|What a Rush!|
by Andy - email@example.com
Made my first night jump this past Saturday. What a rush! Day operations ended around 8 pm, after which everyone packed up and got a bite to eat. I even managed to squeeze in time for a shower, so as to remove the remnants of a full day of jumping. Then the anticipation really started to build as the pilot began checking out the plane, spinning it up on the pad, and doing touch-and-go's in the dark. That's when it hit me: we're really gonna do this!
The NOTAM was called in, then we had the safety and planning briefing. Everyone then got their strobes and chem-lights attached, and after a gear check by the S&TA we were on our way to the plane. The ride up was fascinating. I felt like a kid on a plane for the first time. My face was glued to the windows the entire ride up, peering at the lights of West Point, the moonlight splashing across the James river, and the headlights of late beach goers driving down 64. I was bouncing back and forth from side to side of the Otter trying to get as much as I could from as many angles as possible. Then came the time to get serious again. The too-brief joy ride was over and the task at hand lay before us.
The door was open on jump run, and the organizer, the first jumper, and myself looked out at the airport below. The spot was good, and the first soloist plummeted into the darkness. Amazing! A count of five, a glance to the organizer, and I exited. I quickly checked my heading and position over the airport, then turned to watch the plane disappear into the night sky. That was a sight that I will remember for the rest of time. I turned back to my original heading, checked my ground position again, and then checked my lighting accessories to verify that all was secure. Then I began taking in the sights from the ground. The airport beacon. The township lights. The moonlight on the river. Another quick look to see if I could spot the plane or another jumper, but I knew the answer to that even before looking.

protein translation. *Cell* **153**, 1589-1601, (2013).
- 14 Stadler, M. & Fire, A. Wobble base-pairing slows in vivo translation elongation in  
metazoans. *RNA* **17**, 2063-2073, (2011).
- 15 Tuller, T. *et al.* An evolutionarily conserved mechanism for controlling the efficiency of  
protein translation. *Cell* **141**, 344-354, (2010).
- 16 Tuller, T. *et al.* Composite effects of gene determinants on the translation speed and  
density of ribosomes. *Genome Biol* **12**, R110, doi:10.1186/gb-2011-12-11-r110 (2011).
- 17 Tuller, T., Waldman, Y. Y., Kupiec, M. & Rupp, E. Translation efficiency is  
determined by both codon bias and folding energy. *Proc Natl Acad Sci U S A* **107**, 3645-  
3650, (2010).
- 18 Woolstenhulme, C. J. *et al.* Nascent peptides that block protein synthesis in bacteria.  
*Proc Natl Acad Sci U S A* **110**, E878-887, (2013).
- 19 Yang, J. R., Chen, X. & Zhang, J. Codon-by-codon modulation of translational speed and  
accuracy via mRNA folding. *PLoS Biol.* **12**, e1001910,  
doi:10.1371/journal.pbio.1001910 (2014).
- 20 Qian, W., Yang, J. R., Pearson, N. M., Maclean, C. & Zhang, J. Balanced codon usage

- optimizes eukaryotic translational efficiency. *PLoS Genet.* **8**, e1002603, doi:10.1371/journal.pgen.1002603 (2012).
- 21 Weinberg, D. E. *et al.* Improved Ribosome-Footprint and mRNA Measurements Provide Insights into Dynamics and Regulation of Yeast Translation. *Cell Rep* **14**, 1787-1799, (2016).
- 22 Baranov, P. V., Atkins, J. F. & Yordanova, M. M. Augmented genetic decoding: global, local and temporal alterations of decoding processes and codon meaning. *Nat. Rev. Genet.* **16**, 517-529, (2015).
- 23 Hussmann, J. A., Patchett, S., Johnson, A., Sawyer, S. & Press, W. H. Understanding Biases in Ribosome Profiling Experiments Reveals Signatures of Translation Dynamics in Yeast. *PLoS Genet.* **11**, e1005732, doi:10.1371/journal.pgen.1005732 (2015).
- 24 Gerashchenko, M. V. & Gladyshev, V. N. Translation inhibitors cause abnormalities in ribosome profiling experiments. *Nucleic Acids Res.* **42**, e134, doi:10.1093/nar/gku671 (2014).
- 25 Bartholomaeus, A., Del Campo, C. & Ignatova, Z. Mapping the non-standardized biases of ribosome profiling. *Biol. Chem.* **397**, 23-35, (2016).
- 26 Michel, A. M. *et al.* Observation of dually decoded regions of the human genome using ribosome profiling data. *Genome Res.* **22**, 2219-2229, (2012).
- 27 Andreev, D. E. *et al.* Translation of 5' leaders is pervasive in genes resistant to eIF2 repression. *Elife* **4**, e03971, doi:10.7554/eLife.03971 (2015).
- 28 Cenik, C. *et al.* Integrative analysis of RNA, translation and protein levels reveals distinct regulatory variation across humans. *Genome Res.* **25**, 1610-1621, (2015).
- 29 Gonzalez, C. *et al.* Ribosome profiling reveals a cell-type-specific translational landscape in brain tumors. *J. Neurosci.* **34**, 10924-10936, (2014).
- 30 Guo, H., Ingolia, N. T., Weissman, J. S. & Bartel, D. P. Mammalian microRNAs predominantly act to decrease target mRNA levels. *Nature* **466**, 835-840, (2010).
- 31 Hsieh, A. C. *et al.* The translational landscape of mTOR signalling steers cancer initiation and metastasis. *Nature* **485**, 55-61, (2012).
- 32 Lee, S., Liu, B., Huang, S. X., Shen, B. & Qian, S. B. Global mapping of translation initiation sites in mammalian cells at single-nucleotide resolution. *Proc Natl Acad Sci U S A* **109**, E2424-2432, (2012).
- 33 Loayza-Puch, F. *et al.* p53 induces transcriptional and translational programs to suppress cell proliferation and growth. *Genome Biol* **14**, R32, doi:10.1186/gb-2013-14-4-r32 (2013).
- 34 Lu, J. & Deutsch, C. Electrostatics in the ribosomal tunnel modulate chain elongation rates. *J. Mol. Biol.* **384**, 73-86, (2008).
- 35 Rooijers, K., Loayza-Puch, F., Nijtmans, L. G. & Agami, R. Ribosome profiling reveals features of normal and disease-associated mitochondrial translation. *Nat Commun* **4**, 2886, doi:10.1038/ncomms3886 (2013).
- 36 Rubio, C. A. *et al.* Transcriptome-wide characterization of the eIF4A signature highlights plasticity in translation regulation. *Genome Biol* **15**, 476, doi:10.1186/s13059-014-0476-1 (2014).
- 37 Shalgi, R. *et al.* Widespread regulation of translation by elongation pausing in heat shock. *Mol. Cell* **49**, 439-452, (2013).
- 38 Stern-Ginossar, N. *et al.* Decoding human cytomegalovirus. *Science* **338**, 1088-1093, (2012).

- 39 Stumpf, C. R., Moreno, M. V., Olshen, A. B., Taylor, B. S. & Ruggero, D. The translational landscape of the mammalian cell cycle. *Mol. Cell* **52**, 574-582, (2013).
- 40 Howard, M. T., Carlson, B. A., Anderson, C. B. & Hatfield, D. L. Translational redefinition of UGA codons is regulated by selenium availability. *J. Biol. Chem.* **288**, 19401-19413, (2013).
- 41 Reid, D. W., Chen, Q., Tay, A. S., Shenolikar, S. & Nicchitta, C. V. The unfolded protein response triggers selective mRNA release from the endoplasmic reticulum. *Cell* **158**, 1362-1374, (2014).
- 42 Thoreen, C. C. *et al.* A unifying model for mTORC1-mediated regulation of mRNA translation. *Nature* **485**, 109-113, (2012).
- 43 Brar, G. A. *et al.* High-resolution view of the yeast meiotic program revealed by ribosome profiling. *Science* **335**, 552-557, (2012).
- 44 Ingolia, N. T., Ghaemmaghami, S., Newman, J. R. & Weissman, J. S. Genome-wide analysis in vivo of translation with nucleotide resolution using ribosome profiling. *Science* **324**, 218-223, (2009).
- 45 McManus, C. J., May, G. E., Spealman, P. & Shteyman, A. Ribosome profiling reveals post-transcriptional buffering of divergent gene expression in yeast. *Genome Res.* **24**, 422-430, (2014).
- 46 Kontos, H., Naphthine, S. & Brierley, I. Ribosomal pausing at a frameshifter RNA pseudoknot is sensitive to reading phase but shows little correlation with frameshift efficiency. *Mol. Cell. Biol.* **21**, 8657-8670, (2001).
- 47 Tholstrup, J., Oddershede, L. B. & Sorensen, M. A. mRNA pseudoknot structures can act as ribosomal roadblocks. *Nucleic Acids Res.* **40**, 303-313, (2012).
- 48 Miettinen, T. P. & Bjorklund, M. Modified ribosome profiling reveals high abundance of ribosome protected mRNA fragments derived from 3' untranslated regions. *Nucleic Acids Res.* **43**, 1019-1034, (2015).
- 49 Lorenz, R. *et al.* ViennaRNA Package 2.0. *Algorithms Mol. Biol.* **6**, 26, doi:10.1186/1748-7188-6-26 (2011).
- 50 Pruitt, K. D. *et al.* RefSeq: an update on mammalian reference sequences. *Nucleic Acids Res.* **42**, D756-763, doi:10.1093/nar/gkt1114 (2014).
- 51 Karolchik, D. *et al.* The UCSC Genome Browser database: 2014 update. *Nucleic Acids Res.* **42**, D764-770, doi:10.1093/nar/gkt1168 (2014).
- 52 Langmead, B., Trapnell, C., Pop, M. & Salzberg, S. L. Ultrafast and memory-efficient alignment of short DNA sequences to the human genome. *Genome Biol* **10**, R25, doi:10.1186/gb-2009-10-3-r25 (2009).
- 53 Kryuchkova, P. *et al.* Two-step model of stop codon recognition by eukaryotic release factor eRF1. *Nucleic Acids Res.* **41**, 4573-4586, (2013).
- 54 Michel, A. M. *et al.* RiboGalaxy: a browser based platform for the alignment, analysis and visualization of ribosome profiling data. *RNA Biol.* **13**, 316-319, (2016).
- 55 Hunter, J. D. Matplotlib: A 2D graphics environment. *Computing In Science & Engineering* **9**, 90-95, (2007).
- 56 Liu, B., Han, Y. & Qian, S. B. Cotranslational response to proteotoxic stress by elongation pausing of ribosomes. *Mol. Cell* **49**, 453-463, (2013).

Back to the ground visuals. It was simply amazing. And it seemed to last so much longer than a normal RW jump. My planned deployment altitude was 3000 feet, and as the needle swept through the horizontal mark I dumped my pilot chute. There was enough moonlight to actually watch the deployment. It seemed to snivel longer than normal, and gave me a hard diving turn at the end. It seemed like pretty nasty opening, but I think my imagination and nerves magnified the event. All was right with the world when I realized that I had a good canopy and turned back toward the dz and turned on my strobe.
I removed my goggles, exposing my entire head to the surroundings. This is one jump where I wanted to receive every available sensory input. I located the first jumper's strobe, and could occasionally make out the silhouette of his canopy. I looked for the two other solo jumpers behind me, but never did find them. The canopy ride was beautifully peaceful. The landing, however, was less than spectacular. A normal left hand pattern put me on final directly on target beside the van. My turn onto final left me with a significant amount of speed which, coupled with what I believe in hindsight to be a slight fixation on the van and the guy standing next to it, led to a late flare.
The landing wasn't so hard as to require a plf, but I did drill the ground with my knees and slid a little way in that position. Hell, I was so pumped up at that point that I probably wouldn't have felt it if you whacked me with a baseball bat. But it definitely raised the heat rate of the ground crew! We stood close to the van and watched as the rest of the load came in one by one. Everyone landed safely, including the pilot, beers were opened, and stories and great smiles extended into the wee hours. What a wonderful night!